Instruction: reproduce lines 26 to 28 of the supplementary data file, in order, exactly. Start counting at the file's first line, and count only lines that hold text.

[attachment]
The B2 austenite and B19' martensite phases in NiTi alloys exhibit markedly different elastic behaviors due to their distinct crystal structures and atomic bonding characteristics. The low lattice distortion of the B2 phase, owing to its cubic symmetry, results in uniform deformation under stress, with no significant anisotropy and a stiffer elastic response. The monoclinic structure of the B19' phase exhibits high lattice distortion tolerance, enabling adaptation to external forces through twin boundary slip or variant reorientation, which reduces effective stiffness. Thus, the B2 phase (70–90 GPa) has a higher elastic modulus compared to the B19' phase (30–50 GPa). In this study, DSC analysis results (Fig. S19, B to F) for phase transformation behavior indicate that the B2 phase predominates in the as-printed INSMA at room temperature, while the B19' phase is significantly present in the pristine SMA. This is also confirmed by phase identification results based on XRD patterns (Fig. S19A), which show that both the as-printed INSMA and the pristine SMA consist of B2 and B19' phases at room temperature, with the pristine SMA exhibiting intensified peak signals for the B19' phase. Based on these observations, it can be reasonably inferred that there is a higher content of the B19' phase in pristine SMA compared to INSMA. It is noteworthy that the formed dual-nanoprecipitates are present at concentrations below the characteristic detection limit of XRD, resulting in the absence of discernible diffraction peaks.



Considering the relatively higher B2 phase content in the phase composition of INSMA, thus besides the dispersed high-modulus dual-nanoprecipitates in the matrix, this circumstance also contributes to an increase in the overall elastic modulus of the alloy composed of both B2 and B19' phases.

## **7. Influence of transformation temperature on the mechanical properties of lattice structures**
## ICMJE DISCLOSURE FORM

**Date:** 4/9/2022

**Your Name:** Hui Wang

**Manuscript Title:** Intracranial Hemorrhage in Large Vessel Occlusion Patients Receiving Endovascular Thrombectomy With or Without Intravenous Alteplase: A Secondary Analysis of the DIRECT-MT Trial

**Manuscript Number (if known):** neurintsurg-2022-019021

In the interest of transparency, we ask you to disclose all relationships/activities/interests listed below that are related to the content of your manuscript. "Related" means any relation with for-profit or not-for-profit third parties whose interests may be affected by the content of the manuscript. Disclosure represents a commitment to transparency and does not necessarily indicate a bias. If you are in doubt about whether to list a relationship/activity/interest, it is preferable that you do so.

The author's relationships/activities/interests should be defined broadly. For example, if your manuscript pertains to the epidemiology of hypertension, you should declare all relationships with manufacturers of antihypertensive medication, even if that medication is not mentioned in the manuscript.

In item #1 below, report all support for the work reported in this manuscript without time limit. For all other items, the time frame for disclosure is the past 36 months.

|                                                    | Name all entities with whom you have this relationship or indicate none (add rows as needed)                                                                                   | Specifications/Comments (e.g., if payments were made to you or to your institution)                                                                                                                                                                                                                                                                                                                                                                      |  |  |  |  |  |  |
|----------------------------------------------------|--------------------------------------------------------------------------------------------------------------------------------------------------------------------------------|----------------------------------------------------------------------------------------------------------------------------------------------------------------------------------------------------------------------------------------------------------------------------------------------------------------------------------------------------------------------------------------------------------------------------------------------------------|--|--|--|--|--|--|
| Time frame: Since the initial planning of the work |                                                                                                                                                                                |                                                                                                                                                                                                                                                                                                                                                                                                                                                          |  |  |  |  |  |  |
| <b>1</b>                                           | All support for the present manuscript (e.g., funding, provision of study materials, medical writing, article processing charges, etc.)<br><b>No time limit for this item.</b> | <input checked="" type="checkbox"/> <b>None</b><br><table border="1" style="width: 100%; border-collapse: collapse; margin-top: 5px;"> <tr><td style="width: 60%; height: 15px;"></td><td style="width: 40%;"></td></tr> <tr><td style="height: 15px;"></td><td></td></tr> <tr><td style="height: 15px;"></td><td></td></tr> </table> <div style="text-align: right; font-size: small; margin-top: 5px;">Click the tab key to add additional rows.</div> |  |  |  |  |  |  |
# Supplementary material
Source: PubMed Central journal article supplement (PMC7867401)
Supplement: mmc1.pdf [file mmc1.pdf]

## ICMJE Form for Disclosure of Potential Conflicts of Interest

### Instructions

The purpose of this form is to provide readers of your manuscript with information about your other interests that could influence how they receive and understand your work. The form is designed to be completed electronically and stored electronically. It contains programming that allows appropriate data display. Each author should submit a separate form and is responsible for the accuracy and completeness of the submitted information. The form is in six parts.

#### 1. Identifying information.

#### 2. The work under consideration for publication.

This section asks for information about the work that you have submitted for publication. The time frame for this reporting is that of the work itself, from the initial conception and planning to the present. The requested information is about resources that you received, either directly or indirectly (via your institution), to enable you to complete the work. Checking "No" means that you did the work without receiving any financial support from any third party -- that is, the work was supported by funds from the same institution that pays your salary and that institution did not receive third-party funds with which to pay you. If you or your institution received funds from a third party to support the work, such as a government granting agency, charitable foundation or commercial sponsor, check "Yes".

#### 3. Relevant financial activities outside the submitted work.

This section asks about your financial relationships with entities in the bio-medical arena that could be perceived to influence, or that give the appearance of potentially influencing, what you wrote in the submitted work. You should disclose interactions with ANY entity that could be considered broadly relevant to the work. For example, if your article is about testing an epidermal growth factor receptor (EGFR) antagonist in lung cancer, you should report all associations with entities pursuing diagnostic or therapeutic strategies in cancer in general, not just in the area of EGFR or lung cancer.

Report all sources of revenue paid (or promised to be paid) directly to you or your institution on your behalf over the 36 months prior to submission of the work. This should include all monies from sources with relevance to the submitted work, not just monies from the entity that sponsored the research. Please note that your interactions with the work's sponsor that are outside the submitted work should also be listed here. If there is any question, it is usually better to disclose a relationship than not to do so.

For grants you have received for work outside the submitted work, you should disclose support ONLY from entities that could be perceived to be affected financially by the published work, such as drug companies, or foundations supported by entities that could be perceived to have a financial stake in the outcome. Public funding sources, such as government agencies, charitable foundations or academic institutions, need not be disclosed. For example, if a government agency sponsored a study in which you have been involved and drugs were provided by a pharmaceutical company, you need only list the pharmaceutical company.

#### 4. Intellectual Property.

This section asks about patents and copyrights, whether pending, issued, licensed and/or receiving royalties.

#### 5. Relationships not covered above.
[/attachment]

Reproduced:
This section asks about your financial relationships with entities in the bio-medical arena that could be perceived to influence, or that give the appearance of potentially influencing, what you wrote in the submitted work. You should disclose interactions with ANY entity that could be considered broadly relevant to the work. For example, if your article is about testing an epidermal growth factor receptor (EGFR) antagonist in lung cancer, you should report all associations with entities pursuing diagnostic or therapeutic strategies in cancer in general, not just in the area of EGFR or lung cancer.

Report all sources of revenue paid (or promised to be paid) directly to you or your institution on your behalf over the 36 months prior to submission of the work. This should include all monies from sources with relevance to the submitted work, not just monies from the entity that sponsored the research. Please note that your interactions with the work's sponsor that are outside the submitted work should also be listed here. If there is any question, it is usually better to disclose a relationship than not to do so.

For grants you have received for work outside the submitted work, you should disclose support ONLY from entities that could be perceived to be affected financially by the published work, such as drug companies, or foundations supported by entities that could be perceived to have a financial stake in the outcome. Public funding sources, such as government agencies, charitable foundations or academic institutions, need not be disclosed. For example, if a government agency sponsored a study in which you have been involved and drugs were provided by a pharmaceutical company, you need only list the pharmaceutical company.